Perhaps then Wonderbread can be purchased more cheaply at this other company. Then demand for Wonderbread at this new lower price will rise quickly. Eventually, this new company will be making quite a bit of money and they can expand and challenge Walmart. Walmart will then be forced to lower prices to meet demand. The law of Supply and Demand is called a law because it has always worked this way. No company can keep a sector of the market cornered indefinitely, nor even very long.

Supply and demand is not a man-made law either. It isn't something that some guys got together and decided upon. It is more like a law of physics. It exists as an observation of the natural order. It is a law that must be taken into consideration when creating new frameworks for a national economy. If someone wants to create a utopia from a communalist ideology, then they must consider how their framework will interact with supply and demand. If it works against supply and demand, then such a framework will inevitably need to fight against such laws continually. If the framework takes into account the law of supply and demand, then perhaps it will have a chance to exist for more than a few short generations.


The economic system in the US continually works against the law of supply and demand, and therefore continually suffers from a misallocation of resources. The government tends to direct resources as it sees fit and the result tends to be market instability in the long term. The US government trades longterm stability for short term growth, as we can see in what is being hailed as “Trump's Economy”. He is trading longterm stability so that the economy during his term as president can look “great”.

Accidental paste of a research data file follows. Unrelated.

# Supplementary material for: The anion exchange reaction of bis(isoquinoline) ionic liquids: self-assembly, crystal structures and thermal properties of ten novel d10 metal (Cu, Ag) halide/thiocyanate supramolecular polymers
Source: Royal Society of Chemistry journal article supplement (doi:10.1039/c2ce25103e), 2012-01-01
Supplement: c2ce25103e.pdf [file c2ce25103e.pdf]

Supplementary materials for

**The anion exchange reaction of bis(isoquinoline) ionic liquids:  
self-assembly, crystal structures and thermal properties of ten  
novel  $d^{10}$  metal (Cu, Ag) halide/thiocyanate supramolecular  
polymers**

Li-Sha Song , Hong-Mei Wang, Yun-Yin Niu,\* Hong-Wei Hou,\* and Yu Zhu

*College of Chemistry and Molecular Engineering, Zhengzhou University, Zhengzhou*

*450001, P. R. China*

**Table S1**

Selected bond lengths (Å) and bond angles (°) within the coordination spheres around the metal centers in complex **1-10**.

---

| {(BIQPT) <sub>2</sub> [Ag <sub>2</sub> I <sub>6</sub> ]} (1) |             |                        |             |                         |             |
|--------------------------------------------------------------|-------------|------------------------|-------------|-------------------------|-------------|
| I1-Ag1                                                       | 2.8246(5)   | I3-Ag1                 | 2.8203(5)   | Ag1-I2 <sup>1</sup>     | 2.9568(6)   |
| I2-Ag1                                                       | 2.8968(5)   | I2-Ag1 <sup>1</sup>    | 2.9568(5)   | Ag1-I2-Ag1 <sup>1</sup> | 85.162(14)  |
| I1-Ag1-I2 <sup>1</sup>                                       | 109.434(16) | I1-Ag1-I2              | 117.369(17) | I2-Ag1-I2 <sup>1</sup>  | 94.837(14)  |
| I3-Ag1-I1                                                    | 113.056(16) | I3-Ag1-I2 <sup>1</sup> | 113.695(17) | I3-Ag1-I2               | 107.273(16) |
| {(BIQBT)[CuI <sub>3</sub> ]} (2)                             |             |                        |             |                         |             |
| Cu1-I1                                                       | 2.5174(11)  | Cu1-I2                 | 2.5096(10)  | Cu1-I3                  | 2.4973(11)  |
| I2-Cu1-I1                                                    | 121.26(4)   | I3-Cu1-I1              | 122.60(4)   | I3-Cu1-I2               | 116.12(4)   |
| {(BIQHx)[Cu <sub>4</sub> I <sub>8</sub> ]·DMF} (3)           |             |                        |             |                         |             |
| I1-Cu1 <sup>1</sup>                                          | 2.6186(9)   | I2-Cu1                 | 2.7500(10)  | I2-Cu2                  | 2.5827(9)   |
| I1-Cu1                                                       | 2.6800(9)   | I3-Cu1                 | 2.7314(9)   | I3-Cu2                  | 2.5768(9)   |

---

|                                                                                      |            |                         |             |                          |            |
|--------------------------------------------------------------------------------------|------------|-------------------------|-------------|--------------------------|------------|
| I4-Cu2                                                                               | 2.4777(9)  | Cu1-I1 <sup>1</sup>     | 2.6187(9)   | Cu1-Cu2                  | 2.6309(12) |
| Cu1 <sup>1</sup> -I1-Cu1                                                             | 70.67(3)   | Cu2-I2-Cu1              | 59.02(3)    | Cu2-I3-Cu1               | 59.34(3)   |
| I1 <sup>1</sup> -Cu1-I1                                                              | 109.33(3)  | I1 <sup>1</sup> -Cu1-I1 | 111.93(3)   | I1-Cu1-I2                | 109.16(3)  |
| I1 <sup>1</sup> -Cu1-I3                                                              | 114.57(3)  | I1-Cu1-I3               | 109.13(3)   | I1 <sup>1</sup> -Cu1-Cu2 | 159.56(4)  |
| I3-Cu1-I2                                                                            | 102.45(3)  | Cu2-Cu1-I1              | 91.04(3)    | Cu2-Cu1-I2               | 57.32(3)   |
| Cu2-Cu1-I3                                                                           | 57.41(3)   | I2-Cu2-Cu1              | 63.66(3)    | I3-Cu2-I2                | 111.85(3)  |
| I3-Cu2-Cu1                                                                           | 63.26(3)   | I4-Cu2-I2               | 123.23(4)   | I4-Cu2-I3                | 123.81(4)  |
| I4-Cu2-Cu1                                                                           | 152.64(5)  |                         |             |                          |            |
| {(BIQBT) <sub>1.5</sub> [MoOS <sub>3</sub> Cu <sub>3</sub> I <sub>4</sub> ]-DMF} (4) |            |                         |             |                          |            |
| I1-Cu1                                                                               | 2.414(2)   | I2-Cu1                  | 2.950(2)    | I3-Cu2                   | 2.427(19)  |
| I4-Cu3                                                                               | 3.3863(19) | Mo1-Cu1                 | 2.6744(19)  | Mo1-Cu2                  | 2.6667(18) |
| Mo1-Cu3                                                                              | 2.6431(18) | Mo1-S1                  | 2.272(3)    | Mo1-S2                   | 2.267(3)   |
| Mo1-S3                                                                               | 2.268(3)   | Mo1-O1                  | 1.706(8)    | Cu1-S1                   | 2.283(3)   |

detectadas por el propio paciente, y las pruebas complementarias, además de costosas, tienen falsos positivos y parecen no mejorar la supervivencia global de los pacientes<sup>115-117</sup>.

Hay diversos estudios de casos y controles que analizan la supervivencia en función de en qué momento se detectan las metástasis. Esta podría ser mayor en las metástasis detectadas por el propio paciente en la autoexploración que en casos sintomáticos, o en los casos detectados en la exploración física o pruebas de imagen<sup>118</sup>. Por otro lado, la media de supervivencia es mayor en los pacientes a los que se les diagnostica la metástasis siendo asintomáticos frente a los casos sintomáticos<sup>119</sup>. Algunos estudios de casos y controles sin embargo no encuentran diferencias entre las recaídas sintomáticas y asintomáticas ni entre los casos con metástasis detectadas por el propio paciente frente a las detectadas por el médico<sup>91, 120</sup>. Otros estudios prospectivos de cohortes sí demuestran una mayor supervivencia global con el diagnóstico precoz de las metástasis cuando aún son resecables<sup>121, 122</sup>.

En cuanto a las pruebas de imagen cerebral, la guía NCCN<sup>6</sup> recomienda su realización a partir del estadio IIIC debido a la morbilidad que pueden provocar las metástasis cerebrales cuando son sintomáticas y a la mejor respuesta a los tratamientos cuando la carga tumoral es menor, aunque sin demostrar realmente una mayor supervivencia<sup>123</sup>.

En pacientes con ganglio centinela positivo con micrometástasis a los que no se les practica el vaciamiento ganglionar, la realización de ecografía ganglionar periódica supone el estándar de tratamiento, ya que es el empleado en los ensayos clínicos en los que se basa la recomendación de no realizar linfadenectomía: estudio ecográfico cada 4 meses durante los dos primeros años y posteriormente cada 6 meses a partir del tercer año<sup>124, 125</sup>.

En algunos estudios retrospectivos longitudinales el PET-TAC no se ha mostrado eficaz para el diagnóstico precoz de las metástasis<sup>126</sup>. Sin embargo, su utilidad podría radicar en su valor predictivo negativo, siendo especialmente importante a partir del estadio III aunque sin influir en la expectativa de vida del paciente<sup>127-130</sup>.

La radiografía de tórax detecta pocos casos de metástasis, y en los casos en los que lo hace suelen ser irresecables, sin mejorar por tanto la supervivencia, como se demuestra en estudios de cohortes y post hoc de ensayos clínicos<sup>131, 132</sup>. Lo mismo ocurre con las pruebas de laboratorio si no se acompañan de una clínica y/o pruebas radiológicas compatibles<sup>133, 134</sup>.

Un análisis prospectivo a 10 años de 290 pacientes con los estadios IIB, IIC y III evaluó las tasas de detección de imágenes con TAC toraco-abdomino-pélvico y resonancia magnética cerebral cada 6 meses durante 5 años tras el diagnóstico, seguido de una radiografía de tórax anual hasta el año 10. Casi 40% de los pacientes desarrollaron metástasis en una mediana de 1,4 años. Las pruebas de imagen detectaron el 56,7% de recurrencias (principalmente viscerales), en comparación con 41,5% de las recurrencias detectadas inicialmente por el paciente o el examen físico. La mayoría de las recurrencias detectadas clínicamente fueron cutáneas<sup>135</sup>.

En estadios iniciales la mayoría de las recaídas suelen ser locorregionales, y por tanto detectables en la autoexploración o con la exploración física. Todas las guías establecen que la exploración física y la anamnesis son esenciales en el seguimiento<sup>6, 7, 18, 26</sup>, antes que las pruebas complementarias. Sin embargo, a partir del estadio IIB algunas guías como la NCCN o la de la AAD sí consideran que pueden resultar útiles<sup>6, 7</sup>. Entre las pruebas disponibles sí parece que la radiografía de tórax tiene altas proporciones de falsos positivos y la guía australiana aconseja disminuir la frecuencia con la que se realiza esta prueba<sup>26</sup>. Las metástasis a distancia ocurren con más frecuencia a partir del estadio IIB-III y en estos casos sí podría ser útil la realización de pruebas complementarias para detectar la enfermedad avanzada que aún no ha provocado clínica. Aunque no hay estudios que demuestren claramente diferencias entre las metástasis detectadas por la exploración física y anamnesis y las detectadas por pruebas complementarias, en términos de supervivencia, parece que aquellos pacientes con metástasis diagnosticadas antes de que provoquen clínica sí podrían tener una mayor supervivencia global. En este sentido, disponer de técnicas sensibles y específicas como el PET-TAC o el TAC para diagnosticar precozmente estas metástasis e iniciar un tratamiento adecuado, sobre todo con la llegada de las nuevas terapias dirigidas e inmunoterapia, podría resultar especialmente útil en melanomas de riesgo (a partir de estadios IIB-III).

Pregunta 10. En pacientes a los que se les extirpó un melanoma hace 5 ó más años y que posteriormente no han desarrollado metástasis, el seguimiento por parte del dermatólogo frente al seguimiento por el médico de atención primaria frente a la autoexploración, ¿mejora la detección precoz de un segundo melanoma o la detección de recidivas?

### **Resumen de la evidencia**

In the end, the resources could be allocated in a more efficient and beneficial ways if the government would allow them to, but that would appear weak. How would Trump or Obama or Bush or Clinton get re-elected if they appeared weak? Even Reagan did a pretty bad job of allowing supply and demand to allocate resources, though he is called “the free market president”. His presidency was the furthest thing from acknowledging and respecting the law of supply and demand.

I would insist that my readers try reading a few things further about supply and demand to gain a fuller understanding of its roots and how it works because regardless of the type of economy a landmass claims, they must all obey this law, as it is one of the only things in economics that has yet to be contradicted effectively.

The Attempts to Form Cartels

Supply and Demand, definition

Foundations of Economic Analysis

In my last post I mentioned productivity as a concept of human action. Let's discuss the roots of the word.

Productivity is defined by the Oxford English Dictionary as:

  1. Economics. The effectiveness of productive effort, especially in industry, as measured in terms of the rate of output (of goods, products, etc.) per unit of input (of labour, materials, equipment, etc.). Also in extended use.

To Act

But let us venture backwards a little. What is it that makes up productivity? That is simply action. As Murray Rothbard describes it:

All human beings act by virtue of their existence and their nature as human beings. We could not conceive of human beings who do not act purposefully, who have no ends in view that they desire and attempt to attain. Things that did not act, that did not behave purposefully, would no longer be classified as human.

With this definition in mind, to act is simply to be human. But it goes deeper than that. To act is to be a being with purpose. A dog may act in its own self-interest, just as a man may act in his own self interest. Objects that do not act are inanimate objects without consciousness. Therefore action is the essence of being conscious. So how do we extrapolate from this term to a more macro level?